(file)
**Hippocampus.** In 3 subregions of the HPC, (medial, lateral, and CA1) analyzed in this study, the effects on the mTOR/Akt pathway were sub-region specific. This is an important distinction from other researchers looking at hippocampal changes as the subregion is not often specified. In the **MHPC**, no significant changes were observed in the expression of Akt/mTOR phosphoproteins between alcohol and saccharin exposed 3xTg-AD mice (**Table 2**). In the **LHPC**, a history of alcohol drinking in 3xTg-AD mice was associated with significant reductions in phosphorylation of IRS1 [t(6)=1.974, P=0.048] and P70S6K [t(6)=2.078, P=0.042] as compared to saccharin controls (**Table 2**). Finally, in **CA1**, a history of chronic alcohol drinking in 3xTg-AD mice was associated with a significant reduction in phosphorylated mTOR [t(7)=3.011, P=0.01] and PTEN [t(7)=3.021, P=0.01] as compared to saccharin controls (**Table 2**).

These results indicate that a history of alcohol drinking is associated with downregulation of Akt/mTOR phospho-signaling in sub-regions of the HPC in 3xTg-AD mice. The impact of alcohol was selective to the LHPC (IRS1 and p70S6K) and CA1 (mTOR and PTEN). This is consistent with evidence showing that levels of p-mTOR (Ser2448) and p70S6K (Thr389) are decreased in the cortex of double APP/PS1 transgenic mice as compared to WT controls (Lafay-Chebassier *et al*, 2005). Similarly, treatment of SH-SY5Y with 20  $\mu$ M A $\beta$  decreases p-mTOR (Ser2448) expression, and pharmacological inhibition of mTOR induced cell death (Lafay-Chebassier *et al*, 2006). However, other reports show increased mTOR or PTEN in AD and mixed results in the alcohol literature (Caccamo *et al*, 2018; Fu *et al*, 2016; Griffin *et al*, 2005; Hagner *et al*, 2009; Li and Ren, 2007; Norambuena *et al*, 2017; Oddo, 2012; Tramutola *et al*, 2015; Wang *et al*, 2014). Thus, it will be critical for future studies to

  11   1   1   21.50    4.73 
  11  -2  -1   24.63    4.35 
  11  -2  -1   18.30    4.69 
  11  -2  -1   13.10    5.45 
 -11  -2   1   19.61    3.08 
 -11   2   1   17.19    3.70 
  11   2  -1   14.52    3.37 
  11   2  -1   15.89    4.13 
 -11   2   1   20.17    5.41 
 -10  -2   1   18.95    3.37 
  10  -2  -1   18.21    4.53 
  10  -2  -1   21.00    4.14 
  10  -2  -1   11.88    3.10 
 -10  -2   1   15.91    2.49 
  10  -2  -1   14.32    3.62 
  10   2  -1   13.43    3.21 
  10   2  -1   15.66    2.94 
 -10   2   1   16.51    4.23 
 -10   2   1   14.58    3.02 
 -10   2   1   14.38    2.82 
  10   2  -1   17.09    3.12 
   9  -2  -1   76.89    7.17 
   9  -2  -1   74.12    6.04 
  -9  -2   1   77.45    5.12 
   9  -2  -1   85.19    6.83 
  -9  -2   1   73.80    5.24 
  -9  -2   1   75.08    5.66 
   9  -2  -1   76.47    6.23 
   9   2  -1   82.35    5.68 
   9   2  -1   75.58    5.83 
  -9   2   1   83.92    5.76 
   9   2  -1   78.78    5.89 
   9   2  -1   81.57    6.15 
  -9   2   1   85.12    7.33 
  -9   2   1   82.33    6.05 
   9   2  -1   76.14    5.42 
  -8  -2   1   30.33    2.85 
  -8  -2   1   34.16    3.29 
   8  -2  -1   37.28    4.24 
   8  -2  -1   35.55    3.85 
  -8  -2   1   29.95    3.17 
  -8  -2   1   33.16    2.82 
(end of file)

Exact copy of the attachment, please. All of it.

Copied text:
**Hippocampus.** In 3 subregions of the HPC, (medial, lateral, and CA1) analyzed in this study, the effects on the mTOR/Akt pathway were sub-region specific. This is an important distinction from other researchers looking at hippocampal changes as the subregion is not often specified. In the **MHPC**, no significant changes were observed in the expression of Akt/mTOR phosphoproteins between alcohol and saccharin exposed 3xTg-AD mice (**Table 2**). In the **LHPC**, a history of alcohol drinking in 3xTg-AD mice was associated with significant reductions in phosphorylation of IRS1 [t(6)=1.974, P=0.048] and P70S6K [t(6)=2.078, P=0.042] as compared to saccharin controls (**Table 2**). Finally, in **CA1**, a history of chronic alcohol drinking in 3xTg-AD mice was associated with a significant reduction in phosphorylated mTOR [t(7)=3.011, P=0.01] and PTEN [t(7)=3.021, P=0.01] as compared to saccharin controls (**Table 2**).

These results indicate that a history of alcohol drinking is associated with downregulation of Akt/mTOR phospho-signaling in sub-regions of the HPC in 3xTg-AD mice. The impact of alcohol was selective to the LHPC (IRS1 and p70S6K) and CA1 (mTOR and PTEN). This is consistent with evidence showing that levels of p-mTOR (Ser2448) and p70S6K (Thr389) are decreased in the cortex of double APP/PS1 transgenic mice as compared to WT controls (Lafay-Chebassier *et al*, 2005). Similarly, treatment of SH-SY5Y with 20  $\mu$ M A $\beta$  decreases p-mTOR (Ser2448) expression, and pharmacological inhibition of mTOR induced cell death (Lafay-Chebassier *et al*, 2006). However, other reports show increased mTOR or PTEN in AD and mixed results in the alcohol literature (Caccamo *et al*, 2018; Fu *et al*, 2016; Griffin *et al*, 2005; Hagner *et al*, 2009; Li and Ren, 2007; Norambuena *et al*, 2017; Oddo, 2012; Tramutola *et al*, 2015; Wang *et al*, 2014). Thus, it will be critical for future studies to

  11   1   1   21.50    4.73 
  11  -2  -1   24.63    4.35 
  11  -2  -1   18.30    4.69 
  11  -2  -1   13.10    5.45 
 -11  -2   1   19.61    3.08 
 -11   2   1   17.19    3.70 
  11   2  -1   14.52    3.37 
  11   2  -1   15.89    4.13 
 -11   2   1   20.17    5.41 
 -10  -2   1   18.95    3.37 
  10  -2  -1   18.21    4.53 
  10  -2  -1   21.00    4.14 
  10  -2  -1   11.88    3.10 
 -10  -2   1   15.91    2.49 
  10  -2  -1   14.32    3.62 
  10   2  -1   13.43    3.21 
  10   2  -1   15.66    2.94 
 -10   2   1   16.51    4.23 
 -10   2   1   14.58    3.02 
 -10   2   1   14.38    2.82 
  10   2  -1   17.09    3.12 
   9  -2  -1   76.89    7.17 
   9  -2  -1   74.12    6.04 
  -9  -2   1   77.45    5.12 
   9  -2  -1   85.19    6.83 
  -9  -2   1   73.80    5.24 
  -9  -2   1   75.08    5.66 
   9  -2  -1   76.47    6.23 
   9   2  -1   82.35    5.68 
   9   2  -1   75.58    5.83 
  -9   2   1   83.92    5.76 
   9   2  -1   78.78    5.89 
   9   2  -1   81.57    6.15 
  -9   2   1   85.12    7.33 
  -9   2   1   82.33    6.05 
   9   2  -1   76.14    5.42 
  -8  -2   1   30.33    2.85 
  -8  -2   1   34.16    3.29 
   8  -2  -1   37.28    4.24 
   8  -2  -1   35.55    3.85 
  -8  -2   1   29.95    3.17 
  -8  -2   1   33.16    2.82 